Bacterial canker is a disease of young sweet cherry trees, or mature cherries affected by winter injury or other factors that cause wounds. The bacteria invade bark and phloem tissue, causing cankers that can grow to eventually kill large branches or the entire tree.

Sweet cherries that show oozing sap from dead buds and twigs, along with clusters of dead leaves or dead shoots, typically means an infection by bacterial canker.

Bacterial canker on sweet cherries enters through wounds, such as winter injury, causing gumming and death of buds, twigs, and large limbs. Spray affected trees with copper in the next week or two.
Bacterial canker on sweet cherries enters through wounds, such as winter injury, causing gumming and death of buds, twigs, and large limbs. Spray affected trees with copper in the next week or two.

Production Information

FALL ORCHARD CHORES

Keep roots moist: At this time of year, leaves  on trees are changing color and dropping, while underground, major root growth is occurring. So it is important to maintain adequate but not excessive soil moisture from now until the soil freezes for winter. 

Do not fertilize now: Roots will continue to grow all through fall, but nutrient uptake essentially ceases after the leaves have dropped. It is too late for any fall fertilizer applications, as whatever is applied will leach out of the soil.

Tree removal: Trees suffering from significant insect, disease, or other problems should be removed now. There is still time to install a replacement planting this fall.

Protect from mice, voles: Create or maintain at least 3 feet of clear space from around the base of each tree to help minimize rodents from feeding on bark and roots. Young trees are particularly susceptible to girdling because their trunk circumference is so small. Consider installing a physical barrier around the trunk and down into the soil up to 6 inches.

Prevent winter sunscald: In late winter, bark can be warmed by intense sunlight. If this warming is followed by a cold spell that night, the bark can be killed. Sunscald is one of the primary problems affecting young trees in Utah and is a major factor in the incidence of cytospora canker or flatheaded borers. Protect trunks by applying white tree wrap or painting the trunk and lower scaffold limbs with a 1:1 mixture of white latex paint to water. If using tree wrap, remove it in early April.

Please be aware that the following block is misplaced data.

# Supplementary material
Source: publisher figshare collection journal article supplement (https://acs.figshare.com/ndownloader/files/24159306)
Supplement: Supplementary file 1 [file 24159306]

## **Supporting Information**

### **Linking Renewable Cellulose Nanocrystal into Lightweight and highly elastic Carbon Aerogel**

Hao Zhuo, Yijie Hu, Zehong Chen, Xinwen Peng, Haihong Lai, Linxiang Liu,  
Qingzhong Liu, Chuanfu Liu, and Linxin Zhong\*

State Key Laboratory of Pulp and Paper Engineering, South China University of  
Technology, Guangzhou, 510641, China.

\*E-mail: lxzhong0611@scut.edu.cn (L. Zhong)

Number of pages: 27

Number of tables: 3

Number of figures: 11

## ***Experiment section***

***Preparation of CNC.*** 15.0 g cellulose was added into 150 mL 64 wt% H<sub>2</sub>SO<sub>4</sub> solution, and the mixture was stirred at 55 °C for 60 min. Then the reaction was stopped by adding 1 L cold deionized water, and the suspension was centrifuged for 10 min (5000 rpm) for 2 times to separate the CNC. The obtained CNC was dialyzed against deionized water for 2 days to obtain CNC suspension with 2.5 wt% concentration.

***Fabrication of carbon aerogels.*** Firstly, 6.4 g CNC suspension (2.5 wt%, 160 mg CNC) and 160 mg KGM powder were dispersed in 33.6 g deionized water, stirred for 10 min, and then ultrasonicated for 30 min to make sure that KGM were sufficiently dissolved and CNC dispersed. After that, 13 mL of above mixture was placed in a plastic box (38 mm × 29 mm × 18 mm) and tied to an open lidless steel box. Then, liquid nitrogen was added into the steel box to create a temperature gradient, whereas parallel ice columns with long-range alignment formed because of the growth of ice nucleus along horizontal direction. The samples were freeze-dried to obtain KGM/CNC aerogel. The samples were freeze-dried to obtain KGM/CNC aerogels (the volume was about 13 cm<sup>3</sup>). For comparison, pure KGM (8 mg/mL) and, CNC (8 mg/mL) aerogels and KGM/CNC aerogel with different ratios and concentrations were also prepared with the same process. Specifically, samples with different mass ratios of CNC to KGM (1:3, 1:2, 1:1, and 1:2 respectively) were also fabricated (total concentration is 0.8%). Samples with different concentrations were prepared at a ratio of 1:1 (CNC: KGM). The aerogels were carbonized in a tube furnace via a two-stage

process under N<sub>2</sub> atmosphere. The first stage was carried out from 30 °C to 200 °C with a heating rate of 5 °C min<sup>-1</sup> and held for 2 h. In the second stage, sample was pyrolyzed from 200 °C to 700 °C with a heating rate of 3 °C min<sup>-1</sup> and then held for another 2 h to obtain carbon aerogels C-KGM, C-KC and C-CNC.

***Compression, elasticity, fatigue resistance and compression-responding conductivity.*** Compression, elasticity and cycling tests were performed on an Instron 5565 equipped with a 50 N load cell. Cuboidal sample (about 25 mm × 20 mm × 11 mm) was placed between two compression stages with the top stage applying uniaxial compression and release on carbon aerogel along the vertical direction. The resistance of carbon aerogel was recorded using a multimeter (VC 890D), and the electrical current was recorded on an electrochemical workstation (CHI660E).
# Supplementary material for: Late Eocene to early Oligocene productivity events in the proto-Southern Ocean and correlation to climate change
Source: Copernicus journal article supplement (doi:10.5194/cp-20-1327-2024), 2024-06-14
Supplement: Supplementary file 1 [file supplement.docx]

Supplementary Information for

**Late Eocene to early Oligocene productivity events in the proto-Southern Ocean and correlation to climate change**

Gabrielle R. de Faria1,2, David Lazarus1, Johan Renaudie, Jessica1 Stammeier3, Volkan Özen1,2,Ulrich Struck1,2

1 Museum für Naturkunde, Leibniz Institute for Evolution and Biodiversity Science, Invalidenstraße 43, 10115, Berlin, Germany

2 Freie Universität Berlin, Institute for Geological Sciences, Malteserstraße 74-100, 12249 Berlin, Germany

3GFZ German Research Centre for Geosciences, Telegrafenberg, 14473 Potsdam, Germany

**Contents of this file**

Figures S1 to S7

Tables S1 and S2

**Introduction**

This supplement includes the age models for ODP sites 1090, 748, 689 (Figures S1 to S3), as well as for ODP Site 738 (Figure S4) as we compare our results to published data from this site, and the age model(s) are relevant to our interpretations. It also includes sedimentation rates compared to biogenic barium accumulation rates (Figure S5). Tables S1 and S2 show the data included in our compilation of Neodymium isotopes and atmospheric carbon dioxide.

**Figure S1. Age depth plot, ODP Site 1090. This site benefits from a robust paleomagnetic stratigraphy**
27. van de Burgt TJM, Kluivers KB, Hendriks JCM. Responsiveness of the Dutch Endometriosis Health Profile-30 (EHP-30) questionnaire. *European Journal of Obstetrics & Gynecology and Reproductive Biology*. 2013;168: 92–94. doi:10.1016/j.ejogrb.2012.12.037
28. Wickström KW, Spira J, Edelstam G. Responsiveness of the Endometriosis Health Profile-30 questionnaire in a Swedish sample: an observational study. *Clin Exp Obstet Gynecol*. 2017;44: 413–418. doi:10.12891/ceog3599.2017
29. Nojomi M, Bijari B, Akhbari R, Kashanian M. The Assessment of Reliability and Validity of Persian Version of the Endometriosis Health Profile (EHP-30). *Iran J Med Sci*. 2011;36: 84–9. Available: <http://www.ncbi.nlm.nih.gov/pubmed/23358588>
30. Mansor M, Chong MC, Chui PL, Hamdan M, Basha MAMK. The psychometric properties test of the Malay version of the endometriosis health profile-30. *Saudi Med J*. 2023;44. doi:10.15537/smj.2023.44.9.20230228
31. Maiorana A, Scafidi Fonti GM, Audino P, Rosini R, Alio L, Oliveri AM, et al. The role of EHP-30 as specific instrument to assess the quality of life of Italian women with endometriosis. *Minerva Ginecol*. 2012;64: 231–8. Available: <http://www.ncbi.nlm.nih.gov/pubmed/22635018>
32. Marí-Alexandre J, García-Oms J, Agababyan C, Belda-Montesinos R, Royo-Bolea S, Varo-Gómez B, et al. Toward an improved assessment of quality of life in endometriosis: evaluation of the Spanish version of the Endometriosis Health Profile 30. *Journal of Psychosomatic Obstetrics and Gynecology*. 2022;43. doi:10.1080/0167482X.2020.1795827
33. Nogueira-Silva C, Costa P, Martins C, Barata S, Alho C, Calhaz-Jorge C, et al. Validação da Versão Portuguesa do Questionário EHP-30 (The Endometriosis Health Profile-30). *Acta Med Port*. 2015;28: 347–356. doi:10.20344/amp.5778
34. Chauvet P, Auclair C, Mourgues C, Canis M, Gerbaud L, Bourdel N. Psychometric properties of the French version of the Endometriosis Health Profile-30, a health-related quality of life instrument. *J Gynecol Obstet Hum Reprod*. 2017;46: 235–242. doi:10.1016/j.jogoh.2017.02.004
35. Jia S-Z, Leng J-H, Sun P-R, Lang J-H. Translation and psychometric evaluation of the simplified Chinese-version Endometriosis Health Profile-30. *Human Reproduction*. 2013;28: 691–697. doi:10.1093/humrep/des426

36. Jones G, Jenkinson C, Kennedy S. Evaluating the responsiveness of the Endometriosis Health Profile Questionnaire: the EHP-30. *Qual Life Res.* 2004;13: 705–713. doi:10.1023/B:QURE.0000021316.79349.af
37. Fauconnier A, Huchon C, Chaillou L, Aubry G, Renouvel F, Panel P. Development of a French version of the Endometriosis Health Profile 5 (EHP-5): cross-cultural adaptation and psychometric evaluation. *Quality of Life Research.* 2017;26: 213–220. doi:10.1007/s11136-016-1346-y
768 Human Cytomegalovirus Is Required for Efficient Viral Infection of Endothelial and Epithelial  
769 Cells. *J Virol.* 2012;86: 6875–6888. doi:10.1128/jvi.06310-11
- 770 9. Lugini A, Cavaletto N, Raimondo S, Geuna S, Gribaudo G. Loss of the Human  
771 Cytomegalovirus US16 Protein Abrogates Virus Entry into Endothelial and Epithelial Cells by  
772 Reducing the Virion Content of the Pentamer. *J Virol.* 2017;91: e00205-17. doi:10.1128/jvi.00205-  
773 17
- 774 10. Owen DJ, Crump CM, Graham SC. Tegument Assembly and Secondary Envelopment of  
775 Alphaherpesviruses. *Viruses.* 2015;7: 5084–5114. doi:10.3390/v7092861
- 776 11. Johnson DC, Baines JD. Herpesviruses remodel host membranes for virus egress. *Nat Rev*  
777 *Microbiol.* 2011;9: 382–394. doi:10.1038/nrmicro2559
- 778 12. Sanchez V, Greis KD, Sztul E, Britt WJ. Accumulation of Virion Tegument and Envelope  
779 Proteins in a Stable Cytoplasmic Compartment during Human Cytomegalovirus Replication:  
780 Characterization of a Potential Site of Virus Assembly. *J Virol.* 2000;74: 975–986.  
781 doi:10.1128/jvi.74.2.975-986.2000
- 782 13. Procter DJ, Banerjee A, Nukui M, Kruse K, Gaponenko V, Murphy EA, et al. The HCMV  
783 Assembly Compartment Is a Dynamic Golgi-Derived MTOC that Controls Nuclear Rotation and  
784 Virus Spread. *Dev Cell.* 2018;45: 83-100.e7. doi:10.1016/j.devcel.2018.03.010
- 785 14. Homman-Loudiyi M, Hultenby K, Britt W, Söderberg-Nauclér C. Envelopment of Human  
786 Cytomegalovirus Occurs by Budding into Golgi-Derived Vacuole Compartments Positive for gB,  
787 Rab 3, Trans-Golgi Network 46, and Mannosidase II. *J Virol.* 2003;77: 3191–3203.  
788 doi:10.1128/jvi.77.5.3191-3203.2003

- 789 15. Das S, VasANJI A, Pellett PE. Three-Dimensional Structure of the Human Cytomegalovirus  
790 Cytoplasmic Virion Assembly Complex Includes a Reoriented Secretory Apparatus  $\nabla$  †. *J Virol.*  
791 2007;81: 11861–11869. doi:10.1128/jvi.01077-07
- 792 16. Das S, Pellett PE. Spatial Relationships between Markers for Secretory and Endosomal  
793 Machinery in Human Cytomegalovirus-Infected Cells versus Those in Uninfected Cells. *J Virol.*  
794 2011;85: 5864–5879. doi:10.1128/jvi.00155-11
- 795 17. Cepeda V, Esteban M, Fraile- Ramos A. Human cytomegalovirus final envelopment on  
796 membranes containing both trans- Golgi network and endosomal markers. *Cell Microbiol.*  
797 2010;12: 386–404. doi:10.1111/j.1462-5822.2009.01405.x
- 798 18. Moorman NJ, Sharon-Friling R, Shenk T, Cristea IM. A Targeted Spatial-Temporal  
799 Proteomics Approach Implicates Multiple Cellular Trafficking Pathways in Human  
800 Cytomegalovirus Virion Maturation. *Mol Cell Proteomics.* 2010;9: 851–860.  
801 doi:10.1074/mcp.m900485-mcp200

The upper scaffold limbs of this peach tree were affected by sunscald many years ago. This type of injury often is not apparent until a few years late. It can serve as an entry for canker-causing diseases.
The upper scaffold limbs of this peach tree were affected by sunscald many years ago. This type of injury often is not apparent until a few years late. It can serve as an entry for canker-causing diseases.

white-tree-wrap

tree-wrap-sunscald

Precautionary Statement: Utah State University Extension and its employees are not responsible for the use, misuse, or damage caused by application or misapplication of products or information mentioned in this document. All pesticides are labeled with ingredients, instructions, and risks. The pesticide applicator is legally responsible for proper use. USU makes no endorsement of the products listed herein.
Utah State University is an affirmative action/equal opportunity institution.